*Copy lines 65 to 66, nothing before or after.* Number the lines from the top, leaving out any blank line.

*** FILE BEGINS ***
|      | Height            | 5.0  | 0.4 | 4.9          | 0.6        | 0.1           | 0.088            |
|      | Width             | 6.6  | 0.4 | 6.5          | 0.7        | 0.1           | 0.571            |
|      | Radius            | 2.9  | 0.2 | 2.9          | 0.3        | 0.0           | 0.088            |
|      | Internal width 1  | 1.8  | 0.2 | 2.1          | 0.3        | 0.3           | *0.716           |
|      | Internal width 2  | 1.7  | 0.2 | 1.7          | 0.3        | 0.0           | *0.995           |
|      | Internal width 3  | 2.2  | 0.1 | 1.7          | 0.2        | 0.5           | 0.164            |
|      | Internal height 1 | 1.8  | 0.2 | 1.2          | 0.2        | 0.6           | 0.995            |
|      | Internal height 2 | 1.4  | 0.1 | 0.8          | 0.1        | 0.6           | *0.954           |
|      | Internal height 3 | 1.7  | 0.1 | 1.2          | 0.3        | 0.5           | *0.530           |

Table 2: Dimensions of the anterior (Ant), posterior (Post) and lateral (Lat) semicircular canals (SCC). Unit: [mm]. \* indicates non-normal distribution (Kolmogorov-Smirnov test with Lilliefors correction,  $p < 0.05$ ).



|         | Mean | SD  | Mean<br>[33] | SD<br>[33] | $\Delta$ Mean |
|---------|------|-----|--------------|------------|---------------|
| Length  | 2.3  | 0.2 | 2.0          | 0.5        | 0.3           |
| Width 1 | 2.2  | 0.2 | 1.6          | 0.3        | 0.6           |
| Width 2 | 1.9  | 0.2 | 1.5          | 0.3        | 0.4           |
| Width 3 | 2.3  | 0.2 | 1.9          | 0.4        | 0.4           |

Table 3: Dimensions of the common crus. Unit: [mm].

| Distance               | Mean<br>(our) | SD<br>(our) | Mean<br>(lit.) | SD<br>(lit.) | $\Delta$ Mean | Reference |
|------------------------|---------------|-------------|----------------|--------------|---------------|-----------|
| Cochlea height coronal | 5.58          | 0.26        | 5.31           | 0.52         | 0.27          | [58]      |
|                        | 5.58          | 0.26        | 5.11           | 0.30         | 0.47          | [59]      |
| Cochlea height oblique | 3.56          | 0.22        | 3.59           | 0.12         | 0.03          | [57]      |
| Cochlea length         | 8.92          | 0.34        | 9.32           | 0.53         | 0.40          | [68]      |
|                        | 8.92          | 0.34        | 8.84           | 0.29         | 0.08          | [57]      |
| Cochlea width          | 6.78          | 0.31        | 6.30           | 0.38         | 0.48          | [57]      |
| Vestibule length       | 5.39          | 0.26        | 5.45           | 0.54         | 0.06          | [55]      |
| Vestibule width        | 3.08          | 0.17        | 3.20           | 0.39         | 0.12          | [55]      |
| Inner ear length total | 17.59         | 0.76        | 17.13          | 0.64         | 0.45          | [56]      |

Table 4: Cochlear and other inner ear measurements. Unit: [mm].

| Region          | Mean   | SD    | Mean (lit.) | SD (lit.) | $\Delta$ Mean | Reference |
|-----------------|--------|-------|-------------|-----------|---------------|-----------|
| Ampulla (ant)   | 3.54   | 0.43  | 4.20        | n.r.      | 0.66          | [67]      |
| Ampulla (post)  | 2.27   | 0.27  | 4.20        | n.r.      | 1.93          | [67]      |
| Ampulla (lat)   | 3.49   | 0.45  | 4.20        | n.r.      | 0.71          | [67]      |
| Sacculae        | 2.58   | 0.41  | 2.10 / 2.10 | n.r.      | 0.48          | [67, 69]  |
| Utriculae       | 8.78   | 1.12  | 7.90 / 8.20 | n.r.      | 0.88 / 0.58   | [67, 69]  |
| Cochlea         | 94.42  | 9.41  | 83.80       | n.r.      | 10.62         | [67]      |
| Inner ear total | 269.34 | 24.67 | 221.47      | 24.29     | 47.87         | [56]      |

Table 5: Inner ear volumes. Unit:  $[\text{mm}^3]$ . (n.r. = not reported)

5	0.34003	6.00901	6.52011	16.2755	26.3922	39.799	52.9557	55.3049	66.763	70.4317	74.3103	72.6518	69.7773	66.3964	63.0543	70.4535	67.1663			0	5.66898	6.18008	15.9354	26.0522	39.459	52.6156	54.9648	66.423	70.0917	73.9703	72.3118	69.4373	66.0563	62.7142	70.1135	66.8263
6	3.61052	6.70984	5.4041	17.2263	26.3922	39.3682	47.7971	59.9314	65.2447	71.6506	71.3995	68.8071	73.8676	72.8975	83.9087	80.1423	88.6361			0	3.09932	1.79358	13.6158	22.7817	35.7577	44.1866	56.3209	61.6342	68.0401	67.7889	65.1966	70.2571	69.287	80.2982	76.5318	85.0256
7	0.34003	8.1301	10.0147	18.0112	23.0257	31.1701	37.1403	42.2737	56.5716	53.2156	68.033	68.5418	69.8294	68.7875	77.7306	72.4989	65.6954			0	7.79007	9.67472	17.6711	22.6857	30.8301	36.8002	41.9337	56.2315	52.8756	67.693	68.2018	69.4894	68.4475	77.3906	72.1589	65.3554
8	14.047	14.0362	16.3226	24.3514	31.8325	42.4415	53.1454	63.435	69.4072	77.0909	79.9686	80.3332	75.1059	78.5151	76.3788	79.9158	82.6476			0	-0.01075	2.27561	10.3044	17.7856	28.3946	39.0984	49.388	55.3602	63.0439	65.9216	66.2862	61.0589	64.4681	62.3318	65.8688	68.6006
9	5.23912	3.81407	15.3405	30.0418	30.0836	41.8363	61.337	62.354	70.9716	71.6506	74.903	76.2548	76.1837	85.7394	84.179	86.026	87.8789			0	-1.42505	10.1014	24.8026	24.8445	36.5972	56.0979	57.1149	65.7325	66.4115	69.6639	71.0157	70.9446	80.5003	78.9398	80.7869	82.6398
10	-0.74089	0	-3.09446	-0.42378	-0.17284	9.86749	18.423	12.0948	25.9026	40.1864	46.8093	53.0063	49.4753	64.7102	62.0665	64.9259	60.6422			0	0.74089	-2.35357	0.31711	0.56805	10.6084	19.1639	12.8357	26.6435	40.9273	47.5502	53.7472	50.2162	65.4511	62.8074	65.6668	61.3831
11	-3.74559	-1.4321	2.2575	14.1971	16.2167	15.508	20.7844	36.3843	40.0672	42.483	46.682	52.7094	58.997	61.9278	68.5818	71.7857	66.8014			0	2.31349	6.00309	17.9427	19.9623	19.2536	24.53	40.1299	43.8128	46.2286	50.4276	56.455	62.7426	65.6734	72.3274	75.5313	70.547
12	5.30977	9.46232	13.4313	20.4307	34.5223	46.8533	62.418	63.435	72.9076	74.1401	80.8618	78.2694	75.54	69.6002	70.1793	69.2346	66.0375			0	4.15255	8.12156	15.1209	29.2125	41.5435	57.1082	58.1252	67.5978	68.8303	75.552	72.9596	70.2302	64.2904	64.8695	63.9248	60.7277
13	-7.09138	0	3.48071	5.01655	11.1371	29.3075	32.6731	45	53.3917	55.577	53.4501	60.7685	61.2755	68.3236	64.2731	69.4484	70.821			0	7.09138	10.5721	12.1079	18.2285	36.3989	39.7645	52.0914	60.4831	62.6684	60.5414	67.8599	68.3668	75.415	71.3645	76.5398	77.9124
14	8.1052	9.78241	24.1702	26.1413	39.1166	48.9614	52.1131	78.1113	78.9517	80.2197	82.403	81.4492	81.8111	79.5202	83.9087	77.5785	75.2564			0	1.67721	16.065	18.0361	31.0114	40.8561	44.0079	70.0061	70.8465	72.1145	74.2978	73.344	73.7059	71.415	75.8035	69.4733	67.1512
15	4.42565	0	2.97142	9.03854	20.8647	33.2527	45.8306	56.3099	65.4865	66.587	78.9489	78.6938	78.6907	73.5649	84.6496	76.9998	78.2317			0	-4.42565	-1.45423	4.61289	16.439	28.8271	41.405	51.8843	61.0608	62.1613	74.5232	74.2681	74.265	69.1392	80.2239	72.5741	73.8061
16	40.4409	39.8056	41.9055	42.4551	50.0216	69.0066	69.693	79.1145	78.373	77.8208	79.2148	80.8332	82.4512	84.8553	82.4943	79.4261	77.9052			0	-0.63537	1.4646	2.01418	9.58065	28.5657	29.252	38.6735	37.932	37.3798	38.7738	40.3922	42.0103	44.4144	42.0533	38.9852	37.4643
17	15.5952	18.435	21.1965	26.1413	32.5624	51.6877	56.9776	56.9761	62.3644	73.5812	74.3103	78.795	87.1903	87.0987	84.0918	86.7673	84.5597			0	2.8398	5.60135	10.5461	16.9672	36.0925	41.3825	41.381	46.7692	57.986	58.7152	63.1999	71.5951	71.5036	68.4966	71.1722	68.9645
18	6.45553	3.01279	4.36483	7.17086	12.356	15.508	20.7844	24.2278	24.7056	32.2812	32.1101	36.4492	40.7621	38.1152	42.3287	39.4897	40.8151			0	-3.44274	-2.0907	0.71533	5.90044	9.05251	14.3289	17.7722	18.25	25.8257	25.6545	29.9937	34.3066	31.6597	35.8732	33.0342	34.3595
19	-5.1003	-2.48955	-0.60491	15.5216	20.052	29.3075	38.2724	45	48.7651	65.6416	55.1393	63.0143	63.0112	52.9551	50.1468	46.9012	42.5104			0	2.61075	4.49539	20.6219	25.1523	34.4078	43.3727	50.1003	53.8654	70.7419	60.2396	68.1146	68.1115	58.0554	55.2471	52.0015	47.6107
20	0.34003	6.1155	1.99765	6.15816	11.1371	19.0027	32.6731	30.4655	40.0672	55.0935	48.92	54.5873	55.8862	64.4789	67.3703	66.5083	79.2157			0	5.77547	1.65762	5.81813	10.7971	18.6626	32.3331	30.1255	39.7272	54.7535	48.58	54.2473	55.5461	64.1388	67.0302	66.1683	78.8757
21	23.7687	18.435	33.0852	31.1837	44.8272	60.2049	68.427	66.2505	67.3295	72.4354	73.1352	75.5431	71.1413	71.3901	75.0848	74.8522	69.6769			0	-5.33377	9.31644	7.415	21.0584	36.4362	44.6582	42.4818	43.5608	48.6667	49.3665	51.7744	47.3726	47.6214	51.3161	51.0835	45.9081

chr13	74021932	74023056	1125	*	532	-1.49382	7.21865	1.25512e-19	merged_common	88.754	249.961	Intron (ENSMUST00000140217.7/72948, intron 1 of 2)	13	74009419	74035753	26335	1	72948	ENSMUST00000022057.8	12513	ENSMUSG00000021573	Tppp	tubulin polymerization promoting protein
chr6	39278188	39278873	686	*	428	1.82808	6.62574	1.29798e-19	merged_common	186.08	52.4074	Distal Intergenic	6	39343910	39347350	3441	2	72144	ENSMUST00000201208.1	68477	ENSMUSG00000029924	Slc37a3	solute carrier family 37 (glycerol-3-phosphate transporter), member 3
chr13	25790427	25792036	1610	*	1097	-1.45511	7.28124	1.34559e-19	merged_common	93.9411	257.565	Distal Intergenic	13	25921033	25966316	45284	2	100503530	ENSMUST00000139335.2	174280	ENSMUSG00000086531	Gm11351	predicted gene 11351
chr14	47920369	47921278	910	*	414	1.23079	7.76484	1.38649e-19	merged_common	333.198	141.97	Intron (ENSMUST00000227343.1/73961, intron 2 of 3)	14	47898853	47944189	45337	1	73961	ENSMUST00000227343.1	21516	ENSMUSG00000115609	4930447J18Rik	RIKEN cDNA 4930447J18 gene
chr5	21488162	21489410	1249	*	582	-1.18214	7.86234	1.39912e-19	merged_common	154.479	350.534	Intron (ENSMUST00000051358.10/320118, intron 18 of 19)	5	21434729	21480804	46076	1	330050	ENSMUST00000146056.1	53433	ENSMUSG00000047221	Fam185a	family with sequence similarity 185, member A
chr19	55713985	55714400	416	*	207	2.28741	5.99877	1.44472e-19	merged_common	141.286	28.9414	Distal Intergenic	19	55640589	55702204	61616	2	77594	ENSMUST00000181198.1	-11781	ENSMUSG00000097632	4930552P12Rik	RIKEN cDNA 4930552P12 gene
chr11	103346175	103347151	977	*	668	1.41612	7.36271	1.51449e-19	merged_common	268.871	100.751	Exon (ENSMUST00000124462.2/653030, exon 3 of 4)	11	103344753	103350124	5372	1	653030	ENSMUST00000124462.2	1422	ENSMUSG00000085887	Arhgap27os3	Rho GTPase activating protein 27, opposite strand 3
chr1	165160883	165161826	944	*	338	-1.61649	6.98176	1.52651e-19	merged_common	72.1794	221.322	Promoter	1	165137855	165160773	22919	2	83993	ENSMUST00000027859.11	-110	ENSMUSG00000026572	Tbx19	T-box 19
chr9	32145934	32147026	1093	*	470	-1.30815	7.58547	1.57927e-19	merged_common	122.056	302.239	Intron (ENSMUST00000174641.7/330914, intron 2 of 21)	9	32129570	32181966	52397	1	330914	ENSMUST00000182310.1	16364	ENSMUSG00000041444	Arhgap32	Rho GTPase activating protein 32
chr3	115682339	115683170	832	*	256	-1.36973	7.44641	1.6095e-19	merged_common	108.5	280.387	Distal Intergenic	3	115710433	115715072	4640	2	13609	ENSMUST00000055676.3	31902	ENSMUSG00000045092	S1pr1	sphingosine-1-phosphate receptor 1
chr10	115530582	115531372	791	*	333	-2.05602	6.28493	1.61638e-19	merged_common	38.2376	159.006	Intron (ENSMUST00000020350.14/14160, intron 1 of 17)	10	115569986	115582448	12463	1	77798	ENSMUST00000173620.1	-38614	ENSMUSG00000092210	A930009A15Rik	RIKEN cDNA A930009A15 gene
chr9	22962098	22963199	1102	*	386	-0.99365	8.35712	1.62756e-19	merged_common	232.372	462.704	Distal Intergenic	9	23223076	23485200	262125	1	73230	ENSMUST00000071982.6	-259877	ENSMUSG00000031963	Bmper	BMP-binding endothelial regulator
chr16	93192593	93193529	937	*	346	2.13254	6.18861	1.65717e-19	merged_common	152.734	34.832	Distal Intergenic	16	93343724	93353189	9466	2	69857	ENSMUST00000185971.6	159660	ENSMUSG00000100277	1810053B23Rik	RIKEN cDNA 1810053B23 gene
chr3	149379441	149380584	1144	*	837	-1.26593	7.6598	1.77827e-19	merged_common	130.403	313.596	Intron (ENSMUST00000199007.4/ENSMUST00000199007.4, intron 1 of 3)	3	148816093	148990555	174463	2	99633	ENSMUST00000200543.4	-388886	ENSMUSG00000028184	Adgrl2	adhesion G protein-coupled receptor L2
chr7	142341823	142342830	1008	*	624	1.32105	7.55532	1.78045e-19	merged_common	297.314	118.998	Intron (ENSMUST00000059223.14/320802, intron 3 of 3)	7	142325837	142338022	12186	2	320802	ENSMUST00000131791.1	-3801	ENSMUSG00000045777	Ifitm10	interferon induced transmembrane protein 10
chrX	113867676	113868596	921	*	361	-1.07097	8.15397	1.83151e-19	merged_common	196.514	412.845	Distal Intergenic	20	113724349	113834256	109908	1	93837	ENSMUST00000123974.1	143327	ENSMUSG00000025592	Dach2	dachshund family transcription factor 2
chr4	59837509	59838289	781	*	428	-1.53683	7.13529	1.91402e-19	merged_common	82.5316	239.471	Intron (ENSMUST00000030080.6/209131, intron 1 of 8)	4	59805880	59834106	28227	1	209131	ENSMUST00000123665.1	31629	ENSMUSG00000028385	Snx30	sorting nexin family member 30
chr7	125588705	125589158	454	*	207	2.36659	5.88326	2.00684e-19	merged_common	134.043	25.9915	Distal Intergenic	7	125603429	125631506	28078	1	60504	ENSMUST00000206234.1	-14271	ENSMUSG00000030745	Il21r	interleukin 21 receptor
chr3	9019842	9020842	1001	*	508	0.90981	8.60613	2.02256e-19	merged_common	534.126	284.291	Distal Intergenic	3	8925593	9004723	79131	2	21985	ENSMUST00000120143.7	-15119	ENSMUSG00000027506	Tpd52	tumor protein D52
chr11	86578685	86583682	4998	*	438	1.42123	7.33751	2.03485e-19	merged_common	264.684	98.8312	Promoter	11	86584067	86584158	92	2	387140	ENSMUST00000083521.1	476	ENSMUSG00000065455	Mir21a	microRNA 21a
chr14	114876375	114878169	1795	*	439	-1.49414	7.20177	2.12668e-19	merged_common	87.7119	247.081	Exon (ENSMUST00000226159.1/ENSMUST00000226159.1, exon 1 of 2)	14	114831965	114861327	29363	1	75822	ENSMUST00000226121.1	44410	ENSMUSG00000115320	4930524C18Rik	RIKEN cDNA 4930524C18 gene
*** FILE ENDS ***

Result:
chr9	32145934	32147026	1093	*	470	-1.30815	7.58547	1.57927e-19	merged_common	122.056	302.239	Intron (ENSMUST00000174641.7/330914, intron 2 of 21)	9	32129570	32181966	52397	1	330914	ENSMUST00000182310.1	16364	ENSMUSG00000041444	Arhgap32	Rho GTPase activating protein 32
chr3	115682339	115683170	832	*	256	-1.36973	7.44641	1.6095e-19	merged_common	108.5	280.387	Distal Intergenic	3	115710433	115715072	4640	2	13609	ENSMUST00000055676.3	31902	ENSMUSG00000045092	S1pr1	sphingosine-1-phosphate receptor 1